COMMENT & ANALYSIS | LONG READ: A plan to remove car traffic from Ellis Quay and Arran Quay — which allows for walking, cycling and bus priority along the quays — is the main point of contention. But what exactly are the public figures who oppose the route saying and is there any substance to it?
The two main people who have criticised the project are: Cllr Ray McAdam (Fine Gael) and Janice Boylan (Sinn Féin). There’s also the former Dublin Central Labour TD and current chairman of Stoneybatter Pride of Place, Joe Costello.
Cllr Ray McAdam has said on his website: “I will continue to lead the resistance to any proposal associated with the Liffey Cycle Route that will have a detrimental impact on Stoneybatter, Church Street, Arbour Hill, Montpelier, Infirmary Road and Phibsborough.” But what’s the bases for this and is he mainly worried about local car users?
If the goal of councillors is to reduce the negative effects of car traffic on city centre residents around the above mentioned areas, they should be campaigning for the best possible priority for the BRT (bus rapid transport) route planned between Blanchardstown and UCD and for that project to be accelerated.
What have the public figures said about the Liffey Cycle Route?
Cllr McAdam said:
“What is being proposed, will see between 400 and 600 cars per hours being redirected from the Quays through our neighbourhood. While I am in favour of safe cycling amenities, I am equally opposed to a major reorganisation of traffic in the city that negatively impacts the quality of life for Stoneybatter residents.”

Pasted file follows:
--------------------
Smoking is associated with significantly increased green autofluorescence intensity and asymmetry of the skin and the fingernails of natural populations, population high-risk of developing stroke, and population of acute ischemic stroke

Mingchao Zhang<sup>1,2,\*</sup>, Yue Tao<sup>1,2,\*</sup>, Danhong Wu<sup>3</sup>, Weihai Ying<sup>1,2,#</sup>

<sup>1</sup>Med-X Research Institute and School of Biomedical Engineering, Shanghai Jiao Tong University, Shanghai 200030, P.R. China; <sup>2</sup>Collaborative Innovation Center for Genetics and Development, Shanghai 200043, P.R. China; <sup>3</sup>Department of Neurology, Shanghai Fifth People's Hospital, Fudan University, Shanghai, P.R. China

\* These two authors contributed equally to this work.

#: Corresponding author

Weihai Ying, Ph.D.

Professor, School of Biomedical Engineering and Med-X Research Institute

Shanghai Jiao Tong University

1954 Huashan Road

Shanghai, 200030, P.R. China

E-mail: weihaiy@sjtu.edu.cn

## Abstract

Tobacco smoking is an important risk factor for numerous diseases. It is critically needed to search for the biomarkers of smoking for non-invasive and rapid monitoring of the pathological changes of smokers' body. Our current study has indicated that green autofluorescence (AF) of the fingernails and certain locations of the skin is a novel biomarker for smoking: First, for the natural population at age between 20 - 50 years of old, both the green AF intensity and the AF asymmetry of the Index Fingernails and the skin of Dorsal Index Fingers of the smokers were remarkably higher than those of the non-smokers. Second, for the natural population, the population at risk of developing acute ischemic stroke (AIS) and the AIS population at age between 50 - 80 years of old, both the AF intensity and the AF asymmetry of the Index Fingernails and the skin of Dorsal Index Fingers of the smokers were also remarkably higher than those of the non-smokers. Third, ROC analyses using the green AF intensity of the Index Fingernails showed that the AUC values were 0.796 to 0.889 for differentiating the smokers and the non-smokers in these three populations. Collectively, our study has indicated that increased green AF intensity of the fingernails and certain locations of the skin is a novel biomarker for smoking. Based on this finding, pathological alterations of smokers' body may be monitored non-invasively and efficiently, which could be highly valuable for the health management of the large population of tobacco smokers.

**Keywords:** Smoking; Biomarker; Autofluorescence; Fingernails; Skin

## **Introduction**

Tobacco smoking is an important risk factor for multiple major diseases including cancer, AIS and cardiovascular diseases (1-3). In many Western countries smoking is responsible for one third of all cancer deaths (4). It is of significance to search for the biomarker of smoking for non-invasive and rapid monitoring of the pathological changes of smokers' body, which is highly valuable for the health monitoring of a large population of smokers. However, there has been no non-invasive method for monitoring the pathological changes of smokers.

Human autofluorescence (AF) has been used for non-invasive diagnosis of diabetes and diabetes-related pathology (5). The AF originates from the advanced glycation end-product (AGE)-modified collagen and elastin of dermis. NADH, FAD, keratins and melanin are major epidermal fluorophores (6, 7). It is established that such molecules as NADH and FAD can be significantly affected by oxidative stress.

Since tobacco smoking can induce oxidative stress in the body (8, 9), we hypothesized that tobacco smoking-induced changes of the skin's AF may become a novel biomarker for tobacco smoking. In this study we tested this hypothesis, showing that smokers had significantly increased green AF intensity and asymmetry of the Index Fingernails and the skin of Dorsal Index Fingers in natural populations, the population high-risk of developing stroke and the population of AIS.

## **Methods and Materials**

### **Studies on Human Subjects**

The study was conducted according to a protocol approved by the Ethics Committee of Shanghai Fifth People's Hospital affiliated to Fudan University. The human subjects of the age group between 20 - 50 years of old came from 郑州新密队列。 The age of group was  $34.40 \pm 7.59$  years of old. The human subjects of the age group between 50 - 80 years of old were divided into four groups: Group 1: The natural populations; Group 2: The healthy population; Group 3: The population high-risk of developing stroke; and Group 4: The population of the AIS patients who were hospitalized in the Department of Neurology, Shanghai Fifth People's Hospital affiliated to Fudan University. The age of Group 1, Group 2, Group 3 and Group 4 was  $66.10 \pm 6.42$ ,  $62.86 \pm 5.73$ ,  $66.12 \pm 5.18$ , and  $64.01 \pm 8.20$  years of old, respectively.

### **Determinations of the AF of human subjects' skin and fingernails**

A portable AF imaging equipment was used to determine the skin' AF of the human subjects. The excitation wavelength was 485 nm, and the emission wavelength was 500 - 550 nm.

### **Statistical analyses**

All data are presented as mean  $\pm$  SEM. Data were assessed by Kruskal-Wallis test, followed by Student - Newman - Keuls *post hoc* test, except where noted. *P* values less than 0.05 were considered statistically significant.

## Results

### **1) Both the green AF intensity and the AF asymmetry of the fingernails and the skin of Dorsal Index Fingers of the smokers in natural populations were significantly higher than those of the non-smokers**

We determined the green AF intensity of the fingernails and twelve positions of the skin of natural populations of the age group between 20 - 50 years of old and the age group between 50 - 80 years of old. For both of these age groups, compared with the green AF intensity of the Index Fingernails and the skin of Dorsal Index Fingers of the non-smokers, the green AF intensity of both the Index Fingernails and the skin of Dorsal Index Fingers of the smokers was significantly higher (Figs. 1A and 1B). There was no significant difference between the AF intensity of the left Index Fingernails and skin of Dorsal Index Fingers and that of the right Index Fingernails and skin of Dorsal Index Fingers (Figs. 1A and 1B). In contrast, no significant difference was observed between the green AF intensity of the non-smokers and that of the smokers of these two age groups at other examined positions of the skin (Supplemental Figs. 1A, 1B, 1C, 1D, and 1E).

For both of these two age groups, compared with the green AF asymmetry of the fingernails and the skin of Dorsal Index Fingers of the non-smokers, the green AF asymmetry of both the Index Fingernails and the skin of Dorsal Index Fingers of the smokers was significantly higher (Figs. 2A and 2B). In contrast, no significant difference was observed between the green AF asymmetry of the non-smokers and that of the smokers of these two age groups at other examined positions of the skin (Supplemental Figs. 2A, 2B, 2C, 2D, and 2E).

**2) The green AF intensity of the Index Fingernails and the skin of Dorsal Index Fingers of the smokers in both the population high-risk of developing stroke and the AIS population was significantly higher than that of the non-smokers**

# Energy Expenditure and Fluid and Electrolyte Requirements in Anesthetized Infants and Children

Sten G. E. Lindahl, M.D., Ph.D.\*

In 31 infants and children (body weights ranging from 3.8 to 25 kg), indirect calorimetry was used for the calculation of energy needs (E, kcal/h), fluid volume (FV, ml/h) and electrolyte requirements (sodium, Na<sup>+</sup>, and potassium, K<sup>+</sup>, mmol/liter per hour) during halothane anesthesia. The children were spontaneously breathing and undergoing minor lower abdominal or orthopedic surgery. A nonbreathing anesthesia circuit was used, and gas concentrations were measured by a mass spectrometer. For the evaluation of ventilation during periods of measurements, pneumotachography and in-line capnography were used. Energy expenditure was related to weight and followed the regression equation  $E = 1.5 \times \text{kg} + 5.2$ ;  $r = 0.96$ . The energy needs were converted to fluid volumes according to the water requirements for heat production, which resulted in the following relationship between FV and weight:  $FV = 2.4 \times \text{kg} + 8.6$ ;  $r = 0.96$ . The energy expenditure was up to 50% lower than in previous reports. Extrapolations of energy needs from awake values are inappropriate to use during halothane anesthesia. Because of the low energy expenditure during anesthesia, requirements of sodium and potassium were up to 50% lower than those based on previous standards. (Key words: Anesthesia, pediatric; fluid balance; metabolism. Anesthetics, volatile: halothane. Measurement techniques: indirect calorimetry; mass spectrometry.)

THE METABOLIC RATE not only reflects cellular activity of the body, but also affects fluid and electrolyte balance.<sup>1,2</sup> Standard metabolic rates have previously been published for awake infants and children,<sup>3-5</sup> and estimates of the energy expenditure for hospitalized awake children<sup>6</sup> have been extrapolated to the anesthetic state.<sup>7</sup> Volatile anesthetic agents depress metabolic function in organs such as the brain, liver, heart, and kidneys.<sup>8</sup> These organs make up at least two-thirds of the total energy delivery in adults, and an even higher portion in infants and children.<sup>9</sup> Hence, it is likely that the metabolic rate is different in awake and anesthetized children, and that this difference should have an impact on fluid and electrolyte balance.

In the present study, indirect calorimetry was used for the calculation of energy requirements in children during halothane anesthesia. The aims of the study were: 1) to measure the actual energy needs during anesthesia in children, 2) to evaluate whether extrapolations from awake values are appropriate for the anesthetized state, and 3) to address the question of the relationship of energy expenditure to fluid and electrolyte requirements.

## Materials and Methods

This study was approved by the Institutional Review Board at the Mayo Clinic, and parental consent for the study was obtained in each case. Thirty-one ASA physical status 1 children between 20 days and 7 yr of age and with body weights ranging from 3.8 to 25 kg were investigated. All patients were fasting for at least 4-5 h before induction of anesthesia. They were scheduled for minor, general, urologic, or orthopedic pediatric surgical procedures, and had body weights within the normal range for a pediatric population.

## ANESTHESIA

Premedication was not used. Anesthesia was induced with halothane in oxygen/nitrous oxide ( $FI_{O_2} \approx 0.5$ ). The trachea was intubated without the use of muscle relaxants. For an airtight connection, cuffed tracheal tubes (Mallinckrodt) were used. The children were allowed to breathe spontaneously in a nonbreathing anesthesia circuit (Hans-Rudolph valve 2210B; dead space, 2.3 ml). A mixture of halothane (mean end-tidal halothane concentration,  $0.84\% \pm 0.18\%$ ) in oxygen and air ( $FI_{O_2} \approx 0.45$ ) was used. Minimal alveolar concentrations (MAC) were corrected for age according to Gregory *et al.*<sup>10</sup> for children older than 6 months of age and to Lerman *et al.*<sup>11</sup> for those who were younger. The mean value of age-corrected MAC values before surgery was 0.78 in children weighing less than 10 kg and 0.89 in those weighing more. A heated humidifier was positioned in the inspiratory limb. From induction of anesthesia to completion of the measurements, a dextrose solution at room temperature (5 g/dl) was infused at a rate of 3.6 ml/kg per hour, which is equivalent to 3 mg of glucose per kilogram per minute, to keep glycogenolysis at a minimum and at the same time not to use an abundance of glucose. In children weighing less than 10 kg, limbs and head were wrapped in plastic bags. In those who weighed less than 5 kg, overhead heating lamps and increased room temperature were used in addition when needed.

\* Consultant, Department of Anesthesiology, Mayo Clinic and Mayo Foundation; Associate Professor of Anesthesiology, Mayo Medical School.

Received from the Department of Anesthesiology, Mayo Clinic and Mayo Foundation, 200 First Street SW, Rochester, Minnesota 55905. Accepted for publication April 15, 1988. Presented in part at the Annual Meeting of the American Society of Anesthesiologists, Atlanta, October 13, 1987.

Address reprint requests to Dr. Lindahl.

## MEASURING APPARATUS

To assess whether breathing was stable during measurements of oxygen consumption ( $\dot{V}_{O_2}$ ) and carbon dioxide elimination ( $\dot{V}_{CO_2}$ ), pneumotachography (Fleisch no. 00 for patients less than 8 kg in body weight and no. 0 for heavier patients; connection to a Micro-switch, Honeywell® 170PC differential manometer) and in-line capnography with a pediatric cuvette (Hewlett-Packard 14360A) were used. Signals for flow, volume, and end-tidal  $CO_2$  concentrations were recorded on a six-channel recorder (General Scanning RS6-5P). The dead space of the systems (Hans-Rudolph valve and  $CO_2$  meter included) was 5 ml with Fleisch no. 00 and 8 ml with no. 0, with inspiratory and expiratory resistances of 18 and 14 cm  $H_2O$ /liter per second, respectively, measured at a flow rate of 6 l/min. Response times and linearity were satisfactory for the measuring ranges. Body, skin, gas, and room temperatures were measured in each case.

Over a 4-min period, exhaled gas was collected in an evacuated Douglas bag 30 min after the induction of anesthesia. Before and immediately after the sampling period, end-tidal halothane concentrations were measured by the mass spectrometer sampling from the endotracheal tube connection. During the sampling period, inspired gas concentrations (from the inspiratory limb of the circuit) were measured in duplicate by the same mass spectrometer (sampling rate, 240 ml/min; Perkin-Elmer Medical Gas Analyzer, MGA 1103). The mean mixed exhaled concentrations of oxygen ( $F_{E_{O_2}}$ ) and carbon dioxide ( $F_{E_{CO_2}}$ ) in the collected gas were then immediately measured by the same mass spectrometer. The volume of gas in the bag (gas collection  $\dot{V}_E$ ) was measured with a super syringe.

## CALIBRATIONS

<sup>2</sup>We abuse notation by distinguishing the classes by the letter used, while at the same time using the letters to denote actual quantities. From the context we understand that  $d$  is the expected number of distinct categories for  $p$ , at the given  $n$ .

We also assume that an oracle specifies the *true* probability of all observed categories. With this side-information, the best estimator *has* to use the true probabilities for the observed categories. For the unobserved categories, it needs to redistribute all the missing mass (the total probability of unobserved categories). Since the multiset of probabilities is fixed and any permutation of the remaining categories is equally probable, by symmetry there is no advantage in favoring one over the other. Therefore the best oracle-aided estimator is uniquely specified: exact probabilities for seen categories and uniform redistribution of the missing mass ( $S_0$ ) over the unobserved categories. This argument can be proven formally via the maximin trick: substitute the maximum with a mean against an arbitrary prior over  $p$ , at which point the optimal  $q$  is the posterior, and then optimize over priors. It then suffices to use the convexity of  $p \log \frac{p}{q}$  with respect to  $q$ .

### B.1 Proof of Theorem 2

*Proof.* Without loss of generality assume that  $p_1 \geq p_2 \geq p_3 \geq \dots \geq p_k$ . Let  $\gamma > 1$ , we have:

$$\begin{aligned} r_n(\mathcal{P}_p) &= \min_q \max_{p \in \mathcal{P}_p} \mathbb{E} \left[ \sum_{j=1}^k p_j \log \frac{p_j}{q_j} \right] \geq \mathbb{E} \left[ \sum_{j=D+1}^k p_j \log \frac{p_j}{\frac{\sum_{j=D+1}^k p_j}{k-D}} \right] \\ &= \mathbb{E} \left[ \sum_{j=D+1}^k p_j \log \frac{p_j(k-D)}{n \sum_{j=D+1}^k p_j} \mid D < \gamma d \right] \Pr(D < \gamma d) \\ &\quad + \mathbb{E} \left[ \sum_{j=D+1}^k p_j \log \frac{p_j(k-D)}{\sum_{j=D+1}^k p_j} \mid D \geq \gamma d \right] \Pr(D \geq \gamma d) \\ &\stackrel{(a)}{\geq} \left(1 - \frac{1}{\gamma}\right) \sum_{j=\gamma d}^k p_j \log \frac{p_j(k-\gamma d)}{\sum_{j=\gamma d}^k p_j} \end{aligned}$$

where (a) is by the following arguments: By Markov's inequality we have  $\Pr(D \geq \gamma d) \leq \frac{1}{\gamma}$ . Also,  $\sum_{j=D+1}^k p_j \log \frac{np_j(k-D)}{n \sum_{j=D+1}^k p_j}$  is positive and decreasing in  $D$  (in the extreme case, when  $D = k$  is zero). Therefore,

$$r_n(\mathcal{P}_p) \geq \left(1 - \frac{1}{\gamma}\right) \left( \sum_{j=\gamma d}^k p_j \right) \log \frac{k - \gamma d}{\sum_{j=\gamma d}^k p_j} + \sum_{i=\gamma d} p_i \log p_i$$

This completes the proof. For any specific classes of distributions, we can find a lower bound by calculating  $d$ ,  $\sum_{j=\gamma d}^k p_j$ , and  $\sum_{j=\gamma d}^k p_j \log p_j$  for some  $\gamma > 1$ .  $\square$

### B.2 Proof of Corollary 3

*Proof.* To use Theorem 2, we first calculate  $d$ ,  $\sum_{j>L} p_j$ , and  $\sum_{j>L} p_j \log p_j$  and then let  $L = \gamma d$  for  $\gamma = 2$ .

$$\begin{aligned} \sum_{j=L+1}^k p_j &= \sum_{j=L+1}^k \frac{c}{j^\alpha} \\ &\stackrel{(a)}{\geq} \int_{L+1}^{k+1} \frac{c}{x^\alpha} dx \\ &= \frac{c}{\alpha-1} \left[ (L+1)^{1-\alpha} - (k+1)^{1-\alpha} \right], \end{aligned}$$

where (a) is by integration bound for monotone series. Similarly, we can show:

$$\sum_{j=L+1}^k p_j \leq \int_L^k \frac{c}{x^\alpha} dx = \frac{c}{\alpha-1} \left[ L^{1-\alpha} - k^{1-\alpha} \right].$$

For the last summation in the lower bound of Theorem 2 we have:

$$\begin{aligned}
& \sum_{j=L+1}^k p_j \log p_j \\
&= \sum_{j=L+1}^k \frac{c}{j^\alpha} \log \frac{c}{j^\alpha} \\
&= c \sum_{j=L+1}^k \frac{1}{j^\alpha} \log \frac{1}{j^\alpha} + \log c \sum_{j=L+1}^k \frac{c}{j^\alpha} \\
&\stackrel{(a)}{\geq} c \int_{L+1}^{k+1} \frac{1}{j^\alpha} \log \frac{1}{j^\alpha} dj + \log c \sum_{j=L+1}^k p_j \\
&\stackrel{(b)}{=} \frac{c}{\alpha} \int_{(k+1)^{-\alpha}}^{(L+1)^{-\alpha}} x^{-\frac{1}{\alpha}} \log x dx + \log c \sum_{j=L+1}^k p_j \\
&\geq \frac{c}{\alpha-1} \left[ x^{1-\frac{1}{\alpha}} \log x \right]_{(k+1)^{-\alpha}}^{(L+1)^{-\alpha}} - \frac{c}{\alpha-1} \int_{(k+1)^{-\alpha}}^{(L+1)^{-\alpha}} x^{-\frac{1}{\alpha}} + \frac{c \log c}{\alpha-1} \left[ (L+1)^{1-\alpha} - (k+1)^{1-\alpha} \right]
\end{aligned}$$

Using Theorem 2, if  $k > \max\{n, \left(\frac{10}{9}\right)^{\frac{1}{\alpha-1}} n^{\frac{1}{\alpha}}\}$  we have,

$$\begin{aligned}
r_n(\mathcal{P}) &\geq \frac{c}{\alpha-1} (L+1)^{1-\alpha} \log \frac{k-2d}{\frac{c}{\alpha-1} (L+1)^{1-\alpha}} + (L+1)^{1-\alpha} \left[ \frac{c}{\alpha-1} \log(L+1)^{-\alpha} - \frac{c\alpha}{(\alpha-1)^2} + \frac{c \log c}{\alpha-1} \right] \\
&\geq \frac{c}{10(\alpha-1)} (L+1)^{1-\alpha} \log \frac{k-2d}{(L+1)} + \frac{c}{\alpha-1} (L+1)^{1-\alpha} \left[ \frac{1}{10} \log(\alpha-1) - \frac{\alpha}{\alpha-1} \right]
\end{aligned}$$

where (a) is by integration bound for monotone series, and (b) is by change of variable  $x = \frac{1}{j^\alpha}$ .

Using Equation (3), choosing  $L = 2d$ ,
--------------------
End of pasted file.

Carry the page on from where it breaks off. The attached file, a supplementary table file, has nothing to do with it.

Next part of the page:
While, at the city’s most recent transport committee meeting, Cllr Janice Boylan said
“At the moment the proposals is that we will have 400 to 500 cars [per hour, at peak times] come up into the small village of Stoneybatter and down into a one-way system and then down onto Church Street.”
The problem with the above statements is that they are not factual. First, the council is not proposing that all of the traffic will divert up any one route — on his own website, Cllr McAdam quotes a response from the city council, which states: “…it is not considered that all of the cars that currently use this section will divert to the north side with some diverting earlier, some to the South and some to alternative modes.”
Cllr Boylan’s suggestion that the traffic will go via the “small village of Stoneybatter” is something Cllr McAdam also seems to have implied and the Dublin People newspaper reported that Joe Costello said “extra traffic will split the village of Stoneybatter”. Why would traffic which currently uses Ellis Quay (which is east of Blackhall Place) go via Stoneybatter and Mannor Street (which are northwest of Blackhall Place) when it’s nearly the oppsite direction?
Back to the figures: In 2014 there was around 500 private motorists per hour at peak hours, but by 2016 this had declined to under 400 per hour on Ellis Quay. These statistics are from Dublin City Council:
So, the most current data shows it’s 400 per hour at peak, not 500 or 600 as contended. But that’s not all…
Linked to this, recently we published two articles dealing with some of the major changes planned for Dublin city centre — the first had the headline “Impact of Luas Cross City will be transformative for Dublin city” and the second was titled: “Amongst real concern, there’s a campaign of fear against planned Dublin traffic changes“.
These two articles dealt in detail with how car traffic reduction is already the long-term trend and how this trend will be accelerated with the Luas Cross City opening and bus priority measures.
In a different version of Cllr McAdam’s position on the Liffey Cycle Route, this time in the latest version of his Stoneybatter Matters newsletter, he states: